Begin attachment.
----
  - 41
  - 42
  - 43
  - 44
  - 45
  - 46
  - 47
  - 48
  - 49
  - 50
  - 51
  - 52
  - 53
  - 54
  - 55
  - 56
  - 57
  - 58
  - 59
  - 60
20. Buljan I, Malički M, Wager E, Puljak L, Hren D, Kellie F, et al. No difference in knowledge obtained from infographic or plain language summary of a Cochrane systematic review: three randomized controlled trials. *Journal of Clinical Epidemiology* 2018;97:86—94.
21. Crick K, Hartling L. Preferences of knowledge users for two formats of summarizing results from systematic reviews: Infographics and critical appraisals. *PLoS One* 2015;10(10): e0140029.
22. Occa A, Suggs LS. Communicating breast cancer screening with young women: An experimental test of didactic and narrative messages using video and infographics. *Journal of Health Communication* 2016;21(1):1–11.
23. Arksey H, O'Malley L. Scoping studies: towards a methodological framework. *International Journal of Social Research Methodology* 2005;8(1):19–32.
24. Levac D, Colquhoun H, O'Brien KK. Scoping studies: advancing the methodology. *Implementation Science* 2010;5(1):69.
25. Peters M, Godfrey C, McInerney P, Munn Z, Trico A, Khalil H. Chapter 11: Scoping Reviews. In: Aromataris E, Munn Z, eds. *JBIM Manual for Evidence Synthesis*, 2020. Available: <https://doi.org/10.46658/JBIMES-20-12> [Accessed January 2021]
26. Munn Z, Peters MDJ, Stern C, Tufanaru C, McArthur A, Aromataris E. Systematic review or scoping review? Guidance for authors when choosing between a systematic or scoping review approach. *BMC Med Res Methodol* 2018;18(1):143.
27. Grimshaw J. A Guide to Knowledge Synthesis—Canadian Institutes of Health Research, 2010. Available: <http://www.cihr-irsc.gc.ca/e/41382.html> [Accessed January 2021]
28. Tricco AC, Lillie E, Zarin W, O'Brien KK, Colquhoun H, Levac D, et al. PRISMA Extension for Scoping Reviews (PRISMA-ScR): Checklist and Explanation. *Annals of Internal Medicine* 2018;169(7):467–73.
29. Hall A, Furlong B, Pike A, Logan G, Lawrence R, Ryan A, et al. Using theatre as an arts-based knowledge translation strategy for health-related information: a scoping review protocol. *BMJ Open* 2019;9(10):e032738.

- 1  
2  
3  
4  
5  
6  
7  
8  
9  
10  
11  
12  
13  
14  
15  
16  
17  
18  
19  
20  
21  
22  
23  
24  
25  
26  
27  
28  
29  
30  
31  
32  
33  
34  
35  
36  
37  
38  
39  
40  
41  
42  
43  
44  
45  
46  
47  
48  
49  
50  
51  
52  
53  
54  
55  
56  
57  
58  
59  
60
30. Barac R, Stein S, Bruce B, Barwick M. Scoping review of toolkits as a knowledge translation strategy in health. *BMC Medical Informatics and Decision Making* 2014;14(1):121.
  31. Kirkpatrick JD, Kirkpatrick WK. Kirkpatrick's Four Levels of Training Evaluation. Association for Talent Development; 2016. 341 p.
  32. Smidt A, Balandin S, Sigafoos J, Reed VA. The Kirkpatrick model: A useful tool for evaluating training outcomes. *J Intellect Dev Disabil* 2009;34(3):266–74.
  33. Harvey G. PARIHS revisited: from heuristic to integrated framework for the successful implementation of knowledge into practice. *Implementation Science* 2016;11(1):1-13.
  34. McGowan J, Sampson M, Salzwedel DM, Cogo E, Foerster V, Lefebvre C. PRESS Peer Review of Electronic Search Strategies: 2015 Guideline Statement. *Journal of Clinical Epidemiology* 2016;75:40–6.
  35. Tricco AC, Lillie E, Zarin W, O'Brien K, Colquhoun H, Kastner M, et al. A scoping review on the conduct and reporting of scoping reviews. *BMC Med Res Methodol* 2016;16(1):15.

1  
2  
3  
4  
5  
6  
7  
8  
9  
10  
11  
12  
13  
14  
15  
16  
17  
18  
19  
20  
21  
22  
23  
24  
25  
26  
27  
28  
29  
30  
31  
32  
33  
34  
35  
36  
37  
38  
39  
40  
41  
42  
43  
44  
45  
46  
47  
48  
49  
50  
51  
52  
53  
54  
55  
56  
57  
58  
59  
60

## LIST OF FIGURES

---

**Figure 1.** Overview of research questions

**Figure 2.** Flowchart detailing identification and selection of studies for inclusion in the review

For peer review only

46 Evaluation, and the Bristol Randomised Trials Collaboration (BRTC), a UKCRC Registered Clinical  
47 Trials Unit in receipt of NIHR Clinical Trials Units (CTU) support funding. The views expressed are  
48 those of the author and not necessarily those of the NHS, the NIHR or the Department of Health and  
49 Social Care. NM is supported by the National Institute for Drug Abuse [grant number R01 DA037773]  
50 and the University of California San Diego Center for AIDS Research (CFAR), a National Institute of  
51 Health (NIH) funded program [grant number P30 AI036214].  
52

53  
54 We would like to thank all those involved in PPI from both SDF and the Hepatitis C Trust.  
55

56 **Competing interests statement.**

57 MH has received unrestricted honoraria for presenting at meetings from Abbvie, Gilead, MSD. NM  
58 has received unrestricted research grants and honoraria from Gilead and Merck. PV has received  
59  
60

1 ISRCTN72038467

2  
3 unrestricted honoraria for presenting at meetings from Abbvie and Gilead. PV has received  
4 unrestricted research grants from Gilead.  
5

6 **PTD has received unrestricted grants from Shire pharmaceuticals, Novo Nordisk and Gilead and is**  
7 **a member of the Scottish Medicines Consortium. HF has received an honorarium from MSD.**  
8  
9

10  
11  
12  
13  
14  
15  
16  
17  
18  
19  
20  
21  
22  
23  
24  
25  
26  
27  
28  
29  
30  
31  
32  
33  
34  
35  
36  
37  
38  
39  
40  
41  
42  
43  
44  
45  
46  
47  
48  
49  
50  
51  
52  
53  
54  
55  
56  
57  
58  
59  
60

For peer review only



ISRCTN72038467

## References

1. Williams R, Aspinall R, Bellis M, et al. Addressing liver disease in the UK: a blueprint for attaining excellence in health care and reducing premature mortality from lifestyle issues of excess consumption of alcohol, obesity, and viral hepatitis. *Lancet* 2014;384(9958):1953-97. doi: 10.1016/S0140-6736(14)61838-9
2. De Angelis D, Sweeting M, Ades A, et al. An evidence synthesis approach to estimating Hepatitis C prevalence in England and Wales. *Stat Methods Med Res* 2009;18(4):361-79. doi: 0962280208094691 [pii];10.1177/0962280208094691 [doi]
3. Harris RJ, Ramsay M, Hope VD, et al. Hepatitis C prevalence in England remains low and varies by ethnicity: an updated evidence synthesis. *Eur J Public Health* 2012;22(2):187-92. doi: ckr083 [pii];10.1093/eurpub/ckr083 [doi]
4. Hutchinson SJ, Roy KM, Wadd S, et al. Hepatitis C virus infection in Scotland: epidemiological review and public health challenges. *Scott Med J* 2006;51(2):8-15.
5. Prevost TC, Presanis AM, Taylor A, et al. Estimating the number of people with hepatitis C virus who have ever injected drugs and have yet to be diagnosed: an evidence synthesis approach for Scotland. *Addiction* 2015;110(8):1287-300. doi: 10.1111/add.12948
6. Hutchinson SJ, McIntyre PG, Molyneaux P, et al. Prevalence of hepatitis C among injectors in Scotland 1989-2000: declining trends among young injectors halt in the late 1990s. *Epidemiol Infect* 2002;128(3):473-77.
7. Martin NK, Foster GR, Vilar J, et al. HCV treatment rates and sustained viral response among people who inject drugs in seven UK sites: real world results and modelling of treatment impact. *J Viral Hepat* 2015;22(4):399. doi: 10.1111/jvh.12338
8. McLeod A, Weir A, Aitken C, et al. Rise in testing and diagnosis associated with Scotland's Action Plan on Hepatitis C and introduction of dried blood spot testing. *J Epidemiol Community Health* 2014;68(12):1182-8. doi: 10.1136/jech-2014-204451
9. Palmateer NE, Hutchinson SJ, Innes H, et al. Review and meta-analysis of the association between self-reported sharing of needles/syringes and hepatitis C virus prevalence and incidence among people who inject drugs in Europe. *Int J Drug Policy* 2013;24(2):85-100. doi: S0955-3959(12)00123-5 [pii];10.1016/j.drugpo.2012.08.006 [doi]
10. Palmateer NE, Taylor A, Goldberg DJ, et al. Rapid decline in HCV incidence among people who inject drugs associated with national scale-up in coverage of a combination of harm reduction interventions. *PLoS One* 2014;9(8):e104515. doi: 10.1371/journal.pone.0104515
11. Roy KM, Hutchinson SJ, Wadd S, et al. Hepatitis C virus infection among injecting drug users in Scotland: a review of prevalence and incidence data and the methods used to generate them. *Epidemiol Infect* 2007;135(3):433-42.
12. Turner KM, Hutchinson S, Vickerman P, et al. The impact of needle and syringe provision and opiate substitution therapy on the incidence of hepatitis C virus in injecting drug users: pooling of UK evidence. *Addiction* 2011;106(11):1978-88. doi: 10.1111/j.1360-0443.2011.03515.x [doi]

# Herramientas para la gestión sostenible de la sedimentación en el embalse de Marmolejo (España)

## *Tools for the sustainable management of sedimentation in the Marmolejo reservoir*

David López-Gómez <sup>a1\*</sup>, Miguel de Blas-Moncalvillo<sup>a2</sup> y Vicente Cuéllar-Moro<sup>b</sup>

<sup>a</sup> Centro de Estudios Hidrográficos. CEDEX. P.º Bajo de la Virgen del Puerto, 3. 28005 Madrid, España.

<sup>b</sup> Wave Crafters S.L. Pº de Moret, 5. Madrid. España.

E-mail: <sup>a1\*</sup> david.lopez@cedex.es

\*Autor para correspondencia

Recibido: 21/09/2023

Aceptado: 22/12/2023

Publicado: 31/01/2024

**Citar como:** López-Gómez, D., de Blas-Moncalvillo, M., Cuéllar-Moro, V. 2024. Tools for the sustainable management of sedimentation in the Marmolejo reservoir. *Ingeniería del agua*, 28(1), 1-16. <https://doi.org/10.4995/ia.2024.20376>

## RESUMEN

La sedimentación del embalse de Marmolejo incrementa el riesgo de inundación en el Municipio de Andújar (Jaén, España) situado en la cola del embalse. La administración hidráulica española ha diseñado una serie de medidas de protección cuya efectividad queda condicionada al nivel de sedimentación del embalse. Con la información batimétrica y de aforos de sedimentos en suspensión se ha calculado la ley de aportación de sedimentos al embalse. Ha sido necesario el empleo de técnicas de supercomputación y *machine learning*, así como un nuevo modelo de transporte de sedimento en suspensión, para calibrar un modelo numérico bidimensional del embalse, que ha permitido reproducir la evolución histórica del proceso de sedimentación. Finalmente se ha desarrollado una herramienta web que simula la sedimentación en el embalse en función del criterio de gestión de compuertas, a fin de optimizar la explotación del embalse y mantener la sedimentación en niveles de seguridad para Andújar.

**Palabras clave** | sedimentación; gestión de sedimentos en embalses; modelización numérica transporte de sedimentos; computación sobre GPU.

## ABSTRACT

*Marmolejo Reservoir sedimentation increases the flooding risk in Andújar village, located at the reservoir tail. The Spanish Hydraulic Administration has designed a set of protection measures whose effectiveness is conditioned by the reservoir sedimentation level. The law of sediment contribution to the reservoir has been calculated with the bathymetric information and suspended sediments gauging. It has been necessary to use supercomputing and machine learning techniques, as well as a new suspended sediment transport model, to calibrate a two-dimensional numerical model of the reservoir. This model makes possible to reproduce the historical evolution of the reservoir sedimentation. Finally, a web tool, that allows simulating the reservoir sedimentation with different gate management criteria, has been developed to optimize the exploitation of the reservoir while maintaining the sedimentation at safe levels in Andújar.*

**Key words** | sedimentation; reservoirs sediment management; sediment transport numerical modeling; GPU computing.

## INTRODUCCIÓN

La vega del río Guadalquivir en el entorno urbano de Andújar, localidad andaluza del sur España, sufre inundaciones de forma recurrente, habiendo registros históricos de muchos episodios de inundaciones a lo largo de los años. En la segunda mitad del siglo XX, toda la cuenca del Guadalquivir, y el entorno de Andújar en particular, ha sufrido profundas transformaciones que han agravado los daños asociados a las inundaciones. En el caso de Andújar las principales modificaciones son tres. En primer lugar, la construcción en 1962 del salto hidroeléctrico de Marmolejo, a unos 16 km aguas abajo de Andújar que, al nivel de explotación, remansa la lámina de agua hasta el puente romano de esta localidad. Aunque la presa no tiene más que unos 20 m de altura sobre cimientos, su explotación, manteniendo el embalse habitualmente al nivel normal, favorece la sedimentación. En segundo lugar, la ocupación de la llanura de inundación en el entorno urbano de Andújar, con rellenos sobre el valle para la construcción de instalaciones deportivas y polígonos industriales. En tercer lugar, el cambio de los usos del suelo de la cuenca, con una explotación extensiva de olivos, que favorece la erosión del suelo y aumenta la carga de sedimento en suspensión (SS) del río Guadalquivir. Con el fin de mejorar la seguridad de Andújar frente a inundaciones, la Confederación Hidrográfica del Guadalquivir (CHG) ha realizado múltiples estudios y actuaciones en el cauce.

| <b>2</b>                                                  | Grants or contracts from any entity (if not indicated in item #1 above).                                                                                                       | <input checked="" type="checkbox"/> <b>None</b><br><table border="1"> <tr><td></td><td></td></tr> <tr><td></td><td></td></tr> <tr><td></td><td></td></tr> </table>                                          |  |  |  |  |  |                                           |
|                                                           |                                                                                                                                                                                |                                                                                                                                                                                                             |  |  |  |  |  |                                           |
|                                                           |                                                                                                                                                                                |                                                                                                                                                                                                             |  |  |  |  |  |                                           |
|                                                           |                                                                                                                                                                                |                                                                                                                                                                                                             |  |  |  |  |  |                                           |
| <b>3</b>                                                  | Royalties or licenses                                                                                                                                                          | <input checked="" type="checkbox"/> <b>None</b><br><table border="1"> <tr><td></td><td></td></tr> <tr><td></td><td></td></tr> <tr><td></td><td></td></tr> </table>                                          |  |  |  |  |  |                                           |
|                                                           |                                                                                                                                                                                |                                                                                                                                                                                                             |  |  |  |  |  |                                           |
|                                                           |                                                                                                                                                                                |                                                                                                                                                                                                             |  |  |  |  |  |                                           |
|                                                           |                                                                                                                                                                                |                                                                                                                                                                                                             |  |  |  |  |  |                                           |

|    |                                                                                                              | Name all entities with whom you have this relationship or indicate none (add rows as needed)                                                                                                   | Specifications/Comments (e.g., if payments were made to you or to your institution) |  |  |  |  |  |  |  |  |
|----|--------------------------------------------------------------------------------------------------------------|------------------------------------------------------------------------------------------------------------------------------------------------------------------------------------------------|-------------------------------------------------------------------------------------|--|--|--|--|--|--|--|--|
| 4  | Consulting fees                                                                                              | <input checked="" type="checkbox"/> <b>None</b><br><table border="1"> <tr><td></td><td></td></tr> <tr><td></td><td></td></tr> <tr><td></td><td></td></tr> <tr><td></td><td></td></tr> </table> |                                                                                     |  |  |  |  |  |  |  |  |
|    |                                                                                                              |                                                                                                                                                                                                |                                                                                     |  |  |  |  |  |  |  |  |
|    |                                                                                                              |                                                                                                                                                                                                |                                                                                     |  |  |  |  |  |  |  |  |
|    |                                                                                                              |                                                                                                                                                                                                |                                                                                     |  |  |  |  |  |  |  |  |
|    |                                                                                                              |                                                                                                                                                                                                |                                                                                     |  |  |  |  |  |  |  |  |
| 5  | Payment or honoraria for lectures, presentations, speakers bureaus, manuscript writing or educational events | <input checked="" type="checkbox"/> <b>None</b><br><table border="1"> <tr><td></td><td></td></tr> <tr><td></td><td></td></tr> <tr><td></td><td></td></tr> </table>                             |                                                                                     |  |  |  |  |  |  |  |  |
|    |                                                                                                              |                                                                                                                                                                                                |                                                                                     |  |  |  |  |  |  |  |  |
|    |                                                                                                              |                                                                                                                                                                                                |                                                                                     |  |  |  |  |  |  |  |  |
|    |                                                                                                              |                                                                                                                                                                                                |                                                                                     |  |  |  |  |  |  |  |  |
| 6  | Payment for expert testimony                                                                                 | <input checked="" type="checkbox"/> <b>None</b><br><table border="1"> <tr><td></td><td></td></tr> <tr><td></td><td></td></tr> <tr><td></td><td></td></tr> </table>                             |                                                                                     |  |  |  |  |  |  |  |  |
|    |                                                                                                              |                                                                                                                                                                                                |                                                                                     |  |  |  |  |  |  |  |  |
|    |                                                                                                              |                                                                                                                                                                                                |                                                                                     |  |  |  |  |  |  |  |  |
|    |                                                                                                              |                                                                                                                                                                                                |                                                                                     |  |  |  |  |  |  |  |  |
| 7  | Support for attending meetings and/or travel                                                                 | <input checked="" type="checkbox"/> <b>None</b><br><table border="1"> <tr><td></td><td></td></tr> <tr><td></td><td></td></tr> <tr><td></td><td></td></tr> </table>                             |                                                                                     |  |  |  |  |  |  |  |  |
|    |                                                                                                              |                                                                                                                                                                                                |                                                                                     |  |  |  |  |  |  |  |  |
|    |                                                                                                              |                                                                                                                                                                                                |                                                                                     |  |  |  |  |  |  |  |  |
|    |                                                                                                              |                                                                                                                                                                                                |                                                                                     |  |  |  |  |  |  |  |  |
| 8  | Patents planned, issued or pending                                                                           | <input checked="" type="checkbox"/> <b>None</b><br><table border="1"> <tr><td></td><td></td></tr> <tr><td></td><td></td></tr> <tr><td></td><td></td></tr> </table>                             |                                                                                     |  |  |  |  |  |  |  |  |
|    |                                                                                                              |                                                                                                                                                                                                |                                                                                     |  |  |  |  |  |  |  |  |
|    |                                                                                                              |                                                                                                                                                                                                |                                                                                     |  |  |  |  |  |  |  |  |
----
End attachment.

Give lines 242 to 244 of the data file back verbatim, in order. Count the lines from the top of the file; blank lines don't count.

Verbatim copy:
3. Harris RJ, Ramsay M, Hope VD, et al. Hepatitis C prevalence in England remains low and varies by ethnicity: an updated evidence synthesis. *Eur J Public Health* 2012;22(2):187-92. doi: ckr083 [pii];10.1093/eurpub/ckr083 [doi]
4. Hutchinson SJ, Roy KM, Wadd S, et al. Hepatitis C virus infection in Scotland: epidemiological review and public health challenges. *Scott Med J* 2006;51(2):8-15.
5. Prevost TC, Presanis AM, Taylor A, et al. Estimating the number of people with hepatitis C virus who have ever injected drugs and have yet to be diagnosed: an evidence synthesis approach for Scotland. *Addiction* 2015;110(8):1287-300. doi: 10.1111/add.12948